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[Few] shades of outsourcing or how to spot fraud before it ruins your day

Jun 6th, 2017 by Max Tokman

Same as anyone remotely involved with IT, I get bombarded with unending streams of daily emails, calls, feeds and the like promising superior offshoring, nearshoring and all other kinds of remote technical help for fraction of what it should cost.  Being a polite person, I occasionally respond to these sales pitches and over the years have come to gauge fairly well the background of these companies just from the way their sales message is crafted.

Jack of All Trades
This type of offer usually comes via email, listing different technologies that might not be compatible with each other.  A shop that lists .NET,  PHP (and all PHP frameworks), Google and iOS app development as its core technologies probably does not have a core technology.  What it does have is a list of freelancers who will work either remotely or on premises at the shop.  Because the shop acts strictly as intermediary, it does not have project management or quality control specialists familiar with specific technology.  What it does have is sales people and “business analysts” whose job it is to take work orders and pass them to developers.  In this type of configuration, no one cares about quality - developers are looking to make a quick buck, sales people are getting their commission, and “business analysts” are jaded by chop shop atmosphere to the point of not caring. This type of collaboration can be a truly amazing experience, as your work goes into production as soon as it starts to remotely make sense and gets delivered back as soon as it looks remotely done.  Needles to say that, as a rule, deliverables have little or no relation to the original scope and the resulting code needs to be either completely redone or painfully reworked over considerable period of time. Now, it is certainly possible for a firm of certain size to handle multiple unrelated technologies, but it usually needs to have a headcount of 200 developers and up, at which point you will start running into process bureaucracy, issues with knowledge transfer between different groups working on your account, and significantly higher fees.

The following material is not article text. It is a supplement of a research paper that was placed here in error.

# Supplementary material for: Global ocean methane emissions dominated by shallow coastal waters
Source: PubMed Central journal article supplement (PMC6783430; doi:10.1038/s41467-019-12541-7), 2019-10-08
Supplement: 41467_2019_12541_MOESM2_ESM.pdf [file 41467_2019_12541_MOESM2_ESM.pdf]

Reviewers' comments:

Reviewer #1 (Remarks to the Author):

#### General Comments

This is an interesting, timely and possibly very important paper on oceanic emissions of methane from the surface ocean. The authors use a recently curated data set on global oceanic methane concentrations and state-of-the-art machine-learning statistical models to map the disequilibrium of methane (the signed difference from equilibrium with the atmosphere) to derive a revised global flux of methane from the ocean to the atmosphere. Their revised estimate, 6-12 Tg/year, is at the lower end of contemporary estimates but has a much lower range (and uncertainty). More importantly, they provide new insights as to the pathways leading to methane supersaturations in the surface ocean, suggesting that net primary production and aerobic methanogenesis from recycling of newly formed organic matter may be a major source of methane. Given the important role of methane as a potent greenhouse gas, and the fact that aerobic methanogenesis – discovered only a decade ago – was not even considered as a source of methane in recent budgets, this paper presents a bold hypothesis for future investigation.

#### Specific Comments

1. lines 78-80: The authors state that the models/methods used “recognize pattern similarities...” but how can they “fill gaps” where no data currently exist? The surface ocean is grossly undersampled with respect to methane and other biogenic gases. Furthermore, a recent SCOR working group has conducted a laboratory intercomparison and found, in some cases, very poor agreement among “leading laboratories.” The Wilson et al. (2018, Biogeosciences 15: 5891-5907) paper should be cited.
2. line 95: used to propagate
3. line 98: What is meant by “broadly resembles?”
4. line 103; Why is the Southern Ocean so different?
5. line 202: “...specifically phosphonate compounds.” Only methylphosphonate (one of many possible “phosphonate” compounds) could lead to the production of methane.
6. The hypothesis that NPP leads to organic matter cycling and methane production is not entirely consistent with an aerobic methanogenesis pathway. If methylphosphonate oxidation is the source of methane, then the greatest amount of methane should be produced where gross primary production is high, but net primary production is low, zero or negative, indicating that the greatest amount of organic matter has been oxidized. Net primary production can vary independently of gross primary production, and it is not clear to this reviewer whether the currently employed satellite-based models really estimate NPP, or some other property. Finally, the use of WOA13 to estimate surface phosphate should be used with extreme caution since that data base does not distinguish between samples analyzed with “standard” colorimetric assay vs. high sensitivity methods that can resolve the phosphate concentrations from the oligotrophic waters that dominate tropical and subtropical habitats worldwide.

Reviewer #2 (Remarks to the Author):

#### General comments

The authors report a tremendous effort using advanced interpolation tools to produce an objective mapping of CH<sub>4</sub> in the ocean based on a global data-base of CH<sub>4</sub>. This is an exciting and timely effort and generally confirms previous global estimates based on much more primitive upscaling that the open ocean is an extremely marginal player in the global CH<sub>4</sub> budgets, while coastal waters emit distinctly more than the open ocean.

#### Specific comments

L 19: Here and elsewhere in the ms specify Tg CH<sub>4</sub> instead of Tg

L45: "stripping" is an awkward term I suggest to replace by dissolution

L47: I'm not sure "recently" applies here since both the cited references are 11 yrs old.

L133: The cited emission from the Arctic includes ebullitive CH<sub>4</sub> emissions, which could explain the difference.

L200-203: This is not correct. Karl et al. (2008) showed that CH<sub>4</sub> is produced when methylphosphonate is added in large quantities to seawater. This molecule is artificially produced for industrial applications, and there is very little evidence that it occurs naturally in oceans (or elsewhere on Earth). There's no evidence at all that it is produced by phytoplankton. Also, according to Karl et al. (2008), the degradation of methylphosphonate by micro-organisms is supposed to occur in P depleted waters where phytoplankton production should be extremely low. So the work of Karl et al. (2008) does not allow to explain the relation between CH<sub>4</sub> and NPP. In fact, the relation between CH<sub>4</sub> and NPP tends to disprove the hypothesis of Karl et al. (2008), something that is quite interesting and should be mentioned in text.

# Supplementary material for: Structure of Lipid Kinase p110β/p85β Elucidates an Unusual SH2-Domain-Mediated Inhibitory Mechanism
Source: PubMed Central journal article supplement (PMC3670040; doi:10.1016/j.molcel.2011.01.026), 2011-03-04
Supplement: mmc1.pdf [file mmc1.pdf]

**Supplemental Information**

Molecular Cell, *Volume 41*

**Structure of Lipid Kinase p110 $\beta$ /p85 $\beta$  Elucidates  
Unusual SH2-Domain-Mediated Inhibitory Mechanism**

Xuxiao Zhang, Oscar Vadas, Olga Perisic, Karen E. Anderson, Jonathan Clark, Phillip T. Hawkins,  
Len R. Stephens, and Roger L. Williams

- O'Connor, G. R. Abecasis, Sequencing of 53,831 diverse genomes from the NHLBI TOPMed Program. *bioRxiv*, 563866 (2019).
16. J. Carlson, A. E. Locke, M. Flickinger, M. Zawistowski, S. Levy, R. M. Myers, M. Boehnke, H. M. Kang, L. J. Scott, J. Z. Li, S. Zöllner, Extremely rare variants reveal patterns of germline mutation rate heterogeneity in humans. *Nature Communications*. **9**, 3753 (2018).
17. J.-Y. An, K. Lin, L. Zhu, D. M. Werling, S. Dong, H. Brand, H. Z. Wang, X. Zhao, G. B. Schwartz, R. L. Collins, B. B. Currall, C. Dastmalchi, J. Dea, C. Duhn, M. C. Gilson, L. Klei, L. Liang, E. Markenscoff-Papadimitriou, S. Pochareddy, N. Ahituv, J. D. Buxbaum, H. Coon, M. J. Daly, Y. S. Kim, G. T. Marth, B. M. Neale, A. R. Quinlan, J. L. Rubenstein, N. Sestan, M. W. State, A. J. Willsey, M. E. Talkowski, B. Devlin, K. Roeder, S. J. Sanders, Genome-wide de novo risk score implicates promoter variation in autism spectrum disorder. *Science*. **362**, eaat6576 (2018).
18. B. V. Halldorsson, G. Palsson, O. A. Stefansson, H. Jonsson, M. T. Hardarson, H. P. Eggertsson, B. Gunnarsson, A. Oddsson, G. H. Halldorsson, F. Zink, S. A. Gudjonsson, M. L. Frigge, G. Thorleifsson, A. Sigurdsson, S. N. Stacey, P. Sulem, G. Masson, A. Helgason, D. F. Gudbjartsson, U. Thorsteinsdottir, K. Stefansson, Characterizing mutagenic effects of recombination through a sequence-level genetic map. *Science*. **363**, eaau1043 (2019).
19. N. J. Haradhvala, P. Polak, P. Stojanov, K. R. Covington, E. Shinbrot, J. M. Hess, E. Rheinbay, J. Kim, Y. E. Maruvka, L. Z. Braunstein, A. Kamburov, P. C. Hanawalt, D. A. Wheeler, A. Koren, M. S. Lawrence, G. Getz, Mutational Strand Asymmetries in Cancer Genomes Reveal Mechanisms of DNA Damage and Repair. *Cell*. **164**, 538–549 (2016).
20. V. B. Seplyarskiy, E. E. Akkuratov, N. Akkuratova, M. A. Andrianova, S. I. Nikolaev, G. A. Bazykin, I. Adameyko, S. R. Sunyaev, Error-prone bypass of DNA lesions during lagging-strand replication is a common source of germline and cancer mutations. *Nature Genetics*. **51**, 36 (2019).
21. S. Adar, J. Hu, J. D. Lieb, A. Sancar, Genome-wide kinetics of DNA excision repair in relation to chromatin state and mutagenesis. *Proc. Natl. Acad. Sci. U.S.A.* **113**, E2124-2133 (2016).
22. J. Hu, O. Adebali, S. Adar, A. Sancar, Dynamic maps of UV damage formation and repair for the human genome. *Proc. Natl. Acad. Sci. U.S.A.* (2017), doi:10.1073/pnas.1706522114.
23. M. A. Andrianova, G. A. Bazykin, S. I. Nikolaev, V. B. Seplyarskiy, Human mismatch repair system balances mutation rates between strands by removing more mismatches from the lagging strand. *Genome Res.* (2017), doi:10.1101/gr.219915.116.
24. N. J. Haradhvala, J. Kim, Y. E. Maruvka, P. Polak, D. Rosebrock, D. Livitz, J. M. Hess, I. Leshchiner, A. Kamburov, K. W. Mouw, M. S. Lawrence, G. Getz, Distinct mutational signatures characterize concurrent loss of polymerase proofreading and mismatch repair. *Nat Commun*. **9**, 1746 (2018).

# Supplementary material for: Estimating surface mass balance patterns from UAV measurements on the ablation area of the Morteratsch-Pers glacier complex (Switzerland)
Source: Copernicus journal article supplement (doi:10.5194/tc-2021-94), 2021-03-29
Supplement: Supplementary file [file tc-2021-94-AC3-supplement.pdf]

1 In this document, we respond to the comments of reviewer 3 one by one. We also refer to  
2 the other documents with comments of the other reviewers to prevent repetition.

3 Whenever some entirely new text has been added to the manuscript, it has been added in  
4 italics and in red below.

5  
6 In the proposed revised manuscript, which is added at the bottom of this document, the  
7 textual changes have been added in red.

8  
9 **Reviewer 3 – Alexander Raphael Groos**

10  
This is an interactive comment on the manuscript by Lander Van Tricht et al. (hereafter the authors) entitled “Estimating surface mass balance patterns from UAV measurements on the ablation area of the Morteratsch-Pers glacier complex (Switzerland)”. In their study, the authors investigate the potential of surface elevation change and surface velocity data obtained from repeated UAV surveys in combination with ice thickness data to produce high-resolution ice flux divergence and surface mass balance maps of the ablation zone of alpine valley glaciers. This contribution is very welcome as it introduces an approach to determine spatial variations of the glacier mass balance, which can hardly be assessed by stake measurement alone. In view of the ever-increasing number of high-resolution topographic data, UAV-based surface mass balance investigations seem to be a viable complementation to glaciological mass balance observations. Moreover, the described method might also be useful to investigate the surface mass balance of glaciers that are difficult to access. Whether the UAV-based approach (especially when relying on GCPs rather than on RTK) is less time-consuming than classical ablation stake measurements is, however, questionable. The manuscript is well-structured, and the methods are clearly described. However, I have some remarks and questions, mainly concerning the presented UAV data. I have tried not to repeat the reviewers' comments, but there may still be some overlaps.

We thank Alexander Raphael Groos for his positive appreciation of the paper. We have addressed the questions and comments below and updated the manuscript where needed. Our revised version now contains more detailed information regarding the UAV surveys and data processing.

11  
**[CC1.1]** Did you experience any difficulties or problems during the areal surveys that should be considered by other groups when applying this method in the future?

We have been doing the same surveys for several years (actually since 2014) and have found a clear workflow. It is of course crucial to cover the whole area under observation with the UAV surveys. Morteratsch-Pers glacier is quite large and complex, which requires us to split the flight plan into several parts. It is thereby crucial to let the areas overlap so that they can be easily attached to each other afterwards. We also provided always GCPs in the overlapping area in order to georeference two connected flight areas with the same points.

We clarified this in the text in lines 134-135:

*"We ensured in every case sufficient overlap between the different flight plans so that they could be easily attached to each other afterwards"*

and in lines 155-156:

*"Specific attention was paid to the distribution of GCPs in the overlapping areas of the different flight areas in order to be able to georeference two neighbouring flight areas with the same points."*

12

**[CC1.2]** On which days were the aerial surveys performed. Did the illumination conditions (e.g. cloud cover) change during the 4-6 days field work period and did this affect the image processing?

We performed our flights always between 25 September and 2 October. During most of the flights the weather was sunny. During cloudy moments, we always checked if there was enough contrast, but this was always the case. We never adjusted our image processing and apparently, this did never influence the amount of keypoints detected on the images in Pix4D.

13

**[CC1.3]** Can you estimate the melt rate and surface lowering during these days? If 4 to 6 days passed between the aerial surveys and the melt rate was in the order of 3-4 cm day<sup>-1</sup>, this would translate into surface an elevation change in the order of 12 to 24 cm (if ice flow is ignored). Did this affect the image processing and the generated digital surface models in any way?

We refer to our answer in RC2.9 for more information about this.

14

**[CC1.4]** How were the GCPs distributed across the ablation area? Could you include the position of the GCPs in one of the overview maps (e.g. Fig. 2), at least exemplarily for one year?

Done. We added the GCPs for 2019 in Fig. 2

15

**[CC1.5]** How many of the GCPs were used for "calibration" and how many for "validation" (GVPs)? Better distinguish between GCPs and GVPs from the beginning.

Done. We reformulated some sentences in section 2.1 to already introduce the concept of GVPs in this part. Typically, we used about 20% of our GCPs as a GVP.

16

Lunch is on us ("gracious host")
Having firmly established bad rep for remote IT with “jack of all trades” approach, these same companies are now making a beeline to major markets with intent of putting a face on otherwise generic pitch.  Usually the meeting will be with a company owner who has IT background and can handle business arrangements while discussing technical questions.  The problem is that once relationship is established, tech-savvy company owner will be out of the picture, leaving you in the hands of his sales people, “business analysts” and eager 19-year-old developers.

Freebie!
No-cost redesign, deep discounts, package deal, or any type of sweet offer that reeks of a three card monte.  Frankly, I never explored these and cannot fathom why anyone would.

Doom and gloom with an upside
Your website is outdated, has security flaws, does not rank high enough in search engines and is a total embarrassment.  Never mind that you just performed security audit and all the code is beyond reproach - they got your name from a list and are hitting you with generic email, strictly playing percentages. Usually sent by Jack of All Trades, who will be happy to fix your hopelessly flawed website.

Short and straightforward 
Usually comes from individual artist or developer, this is by far the most worthy candidate for review.  The drawback is that a single person does not a project make, and you really do need a tiered team of project management (planning), development (implementation) and quality control that has worked together in specific technology over a period of time.  But qualified individuals who reach out just at the precise time you need to scale are certainly worth pursuing, with a caveat that you still need someone already on your team to properly evaluate candidate's technical skills.

To sum it up, it certainly is an effort to spot the few honest vendors in the daily flood of junk.  Hope this helped.

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Color Chek tool for validating ADA readability compliance

May 31st, 2017 by Max Tokman

Americans with Disabilities Act (ADA) is slated to become a legal requirement for websites selling goods or services directly to the public starting in 2018.  There are already plenty of good resources for identifying code-based compliance, but image compliance is a trickier matter.  As a quick solution, we p

Florida court imposes ADA requirement on Winn-Dixie's retail web site

Jun 29th, 2017 by Max Tokman

ADA requirements for consumer-facing websites are supposed to go into effect in 2018, but some are starting early.  Winn-Dixie built their website in 2015 and has now earmarked quarter of a million dollars to make it ADA compliant, based on recent court ruling. Link - https://www.courthousenews.com/judge-holds-